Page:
• Collusion is illegal
  • Labour market regulations ensure minimum wages and minimum standards of safety at work

Problems of capitalism

I would argue capitalism doesn’t always lead to ‘competitiveness, equal free chances’

The best way to compete may be to force rivals out of business. Without government regulation, the most unscrupulous and powerful firms may do this.

Equal free chances. Another aspect of capitalism is that equal free chances is unlikely to occur.

Education depends on income of parents. So in the days before public education, education was usually the preserve of wealthy families. This enabled wealthy people to have better opportunities. Families who couldn’t afford education were resigned to working in unskilled jobs with limited opportunities.

Evaluation

It is possible capitalism doesn’t cause monopoly power, but this would require the most successful business to also have altruistic aims and to have both the profit motive and the desire to keep competition.

By on August 5th, 2016

12 thoughts on “Why does capitalism cause monopoly?

  1. I have to take issue with many of the claims made in the response to the original question.

    “…the Gilded Age 1870s-1900s in US. In this period there was very little, if any, government regulation of industries.”

    Actually not true.
    https://cei.org/blog/sad-early-history-railroad-regulation-subsidies-nationalization

    “Aggressive undercutting of rival firms. On selected occasions, he would sell oil at a loss – so other firms would go out of business. He would then buy up these former competitors to gain more market share. This enabled him to increase prices and make more profit. …”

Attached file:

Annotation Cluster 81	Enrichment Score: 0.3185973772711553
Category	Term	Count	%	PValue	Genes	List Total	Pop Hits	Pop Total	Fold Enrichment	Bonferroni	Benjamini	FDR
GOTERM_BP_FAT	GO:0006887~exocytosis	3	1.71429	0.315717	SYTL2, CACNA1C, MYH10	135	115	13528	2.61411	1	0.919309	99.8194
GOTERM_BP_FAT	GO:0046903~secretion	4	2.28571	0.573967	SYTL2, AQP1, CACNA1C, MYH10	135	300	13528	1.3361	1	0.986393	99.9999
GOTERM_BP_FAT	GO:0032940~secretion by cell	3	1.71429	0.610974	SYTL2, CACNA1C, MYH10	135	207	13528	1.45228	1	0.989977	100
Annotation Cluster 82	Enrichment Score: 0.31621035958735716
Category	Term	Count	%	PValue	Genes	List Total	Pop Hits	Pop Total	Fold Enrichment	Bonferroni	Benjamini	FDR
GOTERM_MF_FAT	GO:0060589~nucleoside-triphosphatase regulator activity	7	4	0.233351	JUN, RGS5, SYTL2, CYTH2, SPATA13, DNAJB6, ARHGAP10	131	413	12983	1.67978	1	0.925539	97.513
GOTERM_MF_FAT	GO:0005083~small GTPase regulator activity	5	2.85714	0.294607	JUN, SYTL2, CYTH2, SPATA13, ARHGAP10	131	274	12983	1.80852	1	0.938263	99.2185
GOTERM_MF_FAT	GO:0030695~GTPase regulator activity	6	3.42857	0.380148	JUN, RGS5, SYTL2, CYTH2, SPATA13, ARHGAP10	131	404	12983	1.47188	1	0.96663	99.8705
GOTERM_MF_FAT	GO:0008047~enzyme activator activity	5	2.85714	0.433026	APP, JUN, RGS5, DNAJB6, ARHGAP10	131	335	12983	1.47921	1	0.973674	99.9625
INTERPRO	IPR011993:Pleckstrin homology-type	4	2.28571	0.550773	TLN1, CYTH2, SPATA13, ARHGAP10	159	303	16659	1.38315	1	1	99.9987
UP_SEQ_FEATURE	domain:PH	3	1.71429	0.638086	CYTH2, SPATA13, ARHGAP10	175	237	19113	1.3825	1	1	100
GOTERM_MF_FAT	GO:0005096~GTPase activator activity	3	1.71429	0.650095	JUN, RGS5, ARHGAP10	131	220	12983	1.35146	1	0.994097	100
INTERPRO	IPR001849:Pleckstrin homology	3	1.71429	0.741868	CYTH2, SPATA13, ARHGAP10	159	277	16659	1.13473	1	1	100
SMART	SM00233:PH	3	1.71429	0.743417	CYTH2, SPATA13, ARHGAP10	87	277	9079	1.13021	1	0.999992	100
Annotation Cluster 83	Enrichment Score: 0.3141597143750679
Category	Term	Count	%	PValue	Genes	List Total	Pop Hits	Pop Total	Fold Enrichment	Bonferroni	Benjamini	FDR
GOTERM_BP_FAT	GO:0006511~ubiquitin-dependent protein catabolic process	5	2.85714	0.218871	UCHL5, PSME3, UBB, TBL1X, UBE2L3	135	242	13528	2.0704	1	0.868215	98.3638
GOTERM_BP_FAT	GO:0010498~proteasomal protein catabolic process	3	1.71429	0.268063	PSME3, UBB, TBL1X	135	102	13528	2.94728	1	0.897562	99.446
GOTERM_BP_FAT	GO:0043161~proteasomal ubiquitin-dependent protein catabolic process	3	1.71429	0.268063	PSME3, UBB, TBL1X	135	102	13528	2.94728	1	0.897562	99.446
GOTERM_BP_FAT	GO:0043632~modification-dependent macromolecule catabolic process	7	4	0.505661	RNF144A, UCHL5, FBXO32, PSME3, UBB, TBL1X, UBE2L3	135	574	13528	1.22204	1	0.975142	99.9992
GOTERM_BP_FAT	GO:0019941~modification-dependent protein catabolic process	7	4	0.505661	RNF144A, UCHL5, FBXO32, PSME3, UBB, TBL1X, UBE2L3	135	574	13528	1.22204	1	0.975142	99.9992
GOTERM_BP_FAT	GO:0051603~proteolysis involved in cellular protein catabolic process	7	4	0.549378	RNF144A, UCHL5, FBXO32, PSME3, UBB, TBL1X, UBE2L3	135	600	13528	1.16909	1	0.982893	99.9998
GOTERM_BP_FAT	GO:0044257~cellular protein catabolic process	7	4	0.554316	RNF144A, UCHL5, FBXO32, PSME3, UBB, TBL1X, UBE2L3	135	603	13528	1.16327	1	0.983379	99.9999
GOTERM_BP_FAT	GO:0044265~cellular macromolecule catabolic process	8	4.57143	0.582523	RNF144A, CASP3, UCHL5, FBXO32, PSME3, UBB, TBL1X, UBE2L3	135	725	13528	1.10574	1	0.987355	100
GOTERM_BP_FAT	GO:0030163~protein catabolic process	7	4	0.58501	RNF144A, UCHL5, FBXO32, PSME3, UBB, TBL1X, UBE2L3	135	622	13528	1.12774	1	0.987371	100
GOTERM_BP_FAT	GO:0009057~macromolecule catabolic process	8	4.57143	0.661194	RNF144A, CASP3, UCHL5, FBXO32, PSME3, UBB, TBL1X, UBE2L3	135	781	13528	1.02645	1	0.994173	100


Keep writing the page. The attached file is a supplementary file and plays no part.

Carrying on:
Not true again.
    https://fee.org/articles/john-d-rockefeller-and-the-oil-industry/

    Early on in the invention of any product, there is going to be an initial near monopoly by the originating company. What happens though, is that new inventions will often replace the old invention, and the monopoly the original company had. This is what the above author fails to mention. A free market capitalist society may have short term monopolies initially form, but they never last forever.

    1. Ronald, what’s to say monopolies can’t form again? When a capitalist’s goal is maximize return on investment, endgame to have the largest market share

    2. actually, monopolies will only get stronger without intervention. you can see it in the media industry which was deregulated by bill clinton in 96, there are now 6 companies running everything, soon to be 5.

      the “free market” does not resolve itself

    1. they’re workers…collusion with billion dollar and multi-million dollar companies harms the economy and destroys competition, creating monopolies. collusion with labor unions worth what, like hundreds of thousands of dollars maybe(?), is nothing compared to that done by corporations.

    2. Yeah, because there is no other possible way for an unskilled worker to have a fair negotiation with a multi-billion dollar business. Yeah it’s collusion, and maybe its unfair for the business, but so what? Look at UPS. Their entire workforce is unionized, and they made $6.3 billion last year. Their employees also make nearly double what anyone else in the industry makes and have excellent benefits at every level of service. I don’t see a problem here.